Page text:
It’s the time of year when pie reigns. Pie for Breakfast Day follows Thanksgiving. Doubleheader. My family has always been the pie-suppliers for Thanksgiving. My mother before me; now it is I who pie.
My mother was a year ’round pie baker, so throwing together an assortment of pies at Thanksgiving was no big deal. I didn’t find out for many years that baking pies was considered special. At our house, it was a basic, but also a favorite dessert. Apple in the fall, strawberry-rhubarb in early summer and so on. My favorite was pumpkin, full of ginger, allspice, nutmeg and a hint of clove.
In Nora Ephron’s great movie, Michael, in addition to John Travolta’s cool dance scene, Andie MacDowell sings an ode to pie … that really says it all. My oh my, pie. I’ve been singing it around the house the last couple of days.
Pie crust is flour, fat, water, salt. At this point: vegans and vegetarians avert your gaze. My mother taught me to make pie crust with lard. Julia Child used a combination of butter for added flavor and coloring and lard for its hallmark flakiness. If one eats meat, better to use and honor the whole beast. Saturated fat? Lard is slightly lower than butter.
I was grateful for my early training in pie-making when, my next door neighbor and adventuresome collaborator, Lucinda Ingalls, hatched the idea to fund raise for our church by selling pumpkin pies for Thanksgiving. Her idea was brilliantly simple: she would sell and I would bake.
I’d made batches of pies. How hard could it be?
Making 40+ pies is much different than making 3 or 4. It’s 10x different. Everything had to be small-batched to retain the flavor and texture. I ran the oven non-stop all day. I’m still amazed that it didn’t die in a sad puff of smoke. We boxed and stacked and delivered the pies to happy customers. We did a repeat venture where I made quiche for dozens and dozens of parishioners–and then I retired from mass pie making.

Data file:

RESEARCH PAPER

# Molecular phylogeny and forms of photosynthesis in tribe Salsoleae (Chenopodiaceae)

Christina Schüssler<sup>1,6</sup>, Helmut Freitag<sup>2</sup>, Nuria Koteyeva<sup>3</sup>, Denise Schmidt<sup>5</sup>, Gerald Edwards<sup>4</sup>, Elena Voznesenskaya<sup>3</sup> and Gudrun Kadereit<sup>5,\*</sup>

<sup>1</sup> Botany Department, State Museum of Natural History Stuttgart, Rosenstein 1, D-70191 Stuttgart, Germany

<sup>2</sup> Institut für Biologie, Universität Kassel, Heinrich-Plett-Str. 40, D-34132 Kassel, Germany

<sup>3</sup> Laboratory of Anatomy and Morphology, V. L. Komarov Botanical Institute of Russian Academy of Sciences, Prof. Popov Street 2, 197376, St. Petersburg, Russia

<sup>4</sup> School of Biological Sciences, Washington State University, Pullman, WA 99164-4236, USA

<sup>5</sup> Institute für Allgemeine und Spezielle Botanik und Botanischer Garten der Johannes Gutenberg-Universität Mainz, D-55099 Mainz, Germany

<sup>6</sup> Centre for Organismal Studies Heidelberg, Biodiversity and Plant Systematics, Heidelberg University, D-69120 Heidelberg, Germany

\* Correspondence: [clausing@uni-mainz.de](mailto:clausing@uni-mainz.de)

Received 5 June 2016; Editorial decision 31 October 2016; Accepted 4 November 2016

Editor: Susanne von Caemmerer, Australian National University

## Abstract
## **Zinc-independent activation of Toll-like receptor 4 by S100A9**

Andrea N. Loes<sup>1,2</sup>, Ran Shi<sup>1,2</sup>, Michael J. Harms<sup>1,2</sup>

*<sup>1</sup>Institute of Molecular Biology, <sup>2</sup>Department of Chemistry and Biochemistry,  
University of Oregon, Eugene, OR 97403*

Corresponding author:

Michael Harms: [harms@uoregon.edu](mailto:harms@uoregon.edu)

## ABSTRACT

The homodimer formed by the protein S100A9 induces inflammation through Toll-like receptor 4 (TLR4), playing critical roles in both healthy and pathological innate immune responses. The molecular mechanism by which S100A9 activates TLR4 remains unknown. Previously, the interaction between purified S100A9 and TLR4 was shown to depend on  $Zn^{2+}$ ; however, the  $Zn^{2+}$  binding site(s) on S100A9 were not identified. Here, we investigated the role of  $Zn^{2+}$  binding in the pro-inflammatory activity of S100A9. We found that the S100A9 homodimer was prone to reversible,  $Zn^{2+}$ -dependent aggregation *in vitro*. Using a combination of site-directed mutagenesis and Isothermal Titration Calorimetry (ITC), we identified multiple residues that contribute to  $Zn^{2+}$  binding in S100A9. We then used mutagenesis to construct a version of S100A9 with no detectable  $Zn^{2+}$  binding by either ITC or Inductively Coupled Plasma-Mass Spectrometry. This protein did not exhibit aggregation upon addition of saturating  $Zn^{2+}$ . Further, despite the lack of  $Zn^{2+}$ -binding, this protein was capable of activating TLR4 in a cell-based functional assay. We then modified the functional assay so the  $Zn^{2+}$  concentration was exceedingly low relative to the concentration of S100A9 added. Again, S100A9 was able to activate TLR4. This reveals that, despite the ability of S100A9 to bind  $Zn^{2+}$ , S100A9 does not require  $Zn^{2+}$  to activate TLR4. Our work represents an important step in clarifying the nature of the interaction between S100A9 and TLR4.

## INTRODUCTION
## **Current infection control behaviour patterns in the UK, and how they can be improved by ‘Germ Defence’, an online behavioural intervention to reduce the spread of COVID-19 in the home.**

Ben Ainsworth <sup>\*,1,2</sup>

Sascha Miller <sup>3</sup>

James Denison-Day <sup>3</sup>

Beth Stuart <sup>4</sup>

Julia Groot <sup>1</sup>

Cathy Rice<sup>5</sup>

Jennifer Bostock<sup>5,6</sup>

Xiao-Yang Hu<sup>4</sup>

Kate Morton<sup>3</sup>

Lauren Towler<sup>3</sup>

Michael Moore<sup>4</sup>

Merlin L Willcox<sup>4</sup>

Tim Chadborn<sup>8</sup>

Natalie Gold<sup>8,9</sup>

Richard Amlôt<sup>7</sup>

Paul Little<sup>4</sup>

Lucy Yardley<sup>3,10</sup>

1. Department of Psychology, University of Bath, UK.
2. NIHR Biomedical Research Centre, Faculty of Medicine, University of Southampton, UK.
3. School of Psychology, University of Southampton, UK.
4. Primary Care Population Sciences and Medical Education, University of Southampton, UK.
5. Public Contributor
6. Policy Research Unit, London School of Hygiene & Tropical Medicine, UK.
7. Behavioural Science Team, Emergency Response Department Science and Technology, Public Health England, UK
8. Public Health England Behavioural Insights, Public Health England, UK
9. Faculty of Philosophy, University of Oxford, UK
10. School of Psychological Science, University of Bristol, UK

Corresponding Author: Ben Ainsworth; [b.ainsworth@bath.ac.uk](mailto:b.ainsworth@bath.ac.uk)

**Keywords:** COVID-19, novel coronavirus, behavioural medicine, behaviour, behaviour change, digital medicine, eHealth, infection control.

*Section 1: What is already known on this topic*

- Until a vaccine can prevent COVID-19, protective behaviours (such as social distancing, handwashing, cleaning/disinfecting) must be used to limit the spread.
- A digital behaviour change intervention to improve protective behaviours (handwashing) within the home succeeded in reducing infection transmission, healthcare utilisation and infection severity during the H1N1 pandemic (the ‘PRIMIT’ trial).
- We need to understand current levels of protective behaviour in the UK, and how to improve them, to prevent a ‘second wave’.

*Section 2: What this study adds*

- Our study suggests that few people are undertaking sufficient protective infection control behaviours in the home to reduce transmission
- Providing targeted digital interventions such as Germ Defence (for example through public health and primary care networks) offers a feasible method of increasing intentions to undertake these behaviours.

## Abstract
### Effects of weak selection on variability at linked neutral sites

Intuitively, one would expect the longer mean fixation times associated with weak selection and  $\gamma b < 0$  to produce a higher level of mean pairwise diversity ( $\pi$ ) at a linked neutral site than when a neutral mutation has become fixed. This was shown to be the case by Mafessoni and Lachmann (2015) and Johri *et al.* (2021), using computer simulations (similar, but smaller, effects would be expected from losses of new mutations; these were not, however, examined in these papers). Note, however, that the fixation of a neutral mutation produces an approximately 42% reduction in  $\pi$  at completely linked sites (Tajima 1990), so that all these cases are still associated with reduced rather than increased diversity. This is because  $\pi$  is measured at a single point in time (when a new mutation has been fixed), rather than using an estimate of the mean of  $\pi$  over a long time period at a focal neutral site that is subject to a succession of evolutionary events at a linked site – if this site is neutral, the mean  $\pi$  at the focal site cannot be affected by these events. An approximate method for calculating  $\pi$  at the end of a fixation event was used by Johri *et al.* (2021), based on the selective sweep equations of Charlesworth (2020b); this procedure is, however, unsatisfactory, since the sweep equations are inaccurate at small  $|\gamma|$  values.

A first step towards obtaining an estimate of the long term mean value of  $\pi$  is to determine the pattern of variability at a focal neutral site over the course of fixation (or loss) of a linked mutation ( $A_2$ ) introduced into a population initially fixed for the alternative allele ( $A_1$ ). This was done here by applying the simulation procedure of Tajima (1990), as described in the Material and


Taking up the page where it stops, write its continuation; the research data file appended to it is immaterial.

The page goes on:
I’ve walked them both my daughters through the steps of working the dough, choosing the best ingredients. The former can’t be overworked and is best finished with your fingertips, blending and feeling the consistency; the latter includes baking pumpkins if you have the time and inclination. I love a last call of the season at a local farm stand to buy sugar pumpkins–those small ones–fleshier and sweeter than the jack-o-lantern style.
Friends have given me pie cookbooks over the years. And I’ve seen a host of fancied up pumpkin pie recipes. For me, it’s the classic taste of pie that my mother baked that wins the day. Her recipe came from the vintage Betty Crocker cookbook published in 1950. I also like the basic recipe on the back of One Pumpkin canned filling. In any case, whipped cream is a necessity. Go all the way with heavy cream, a splash of Madagascar vanilla, light sprinkle of sugar. Go at it with a whisk. You burn a couple of extra calories and homemade beats the canned stuff every time.
Abi, my daughter who lives in London, told me today that she made the whole Thanksgiving feast last weekend, including pie. In the land of the Brits, our holiday is not a big hit.
Pie making is a tradition to pass along. And keep. When my hands are on the rolling pin this week, I’ll be in that zone where life is sweet, simple and makes sense. I know that my mother, long since passed, will be hovering nearby and approving. My or my.
May your Thanksgiving be a celebration of family,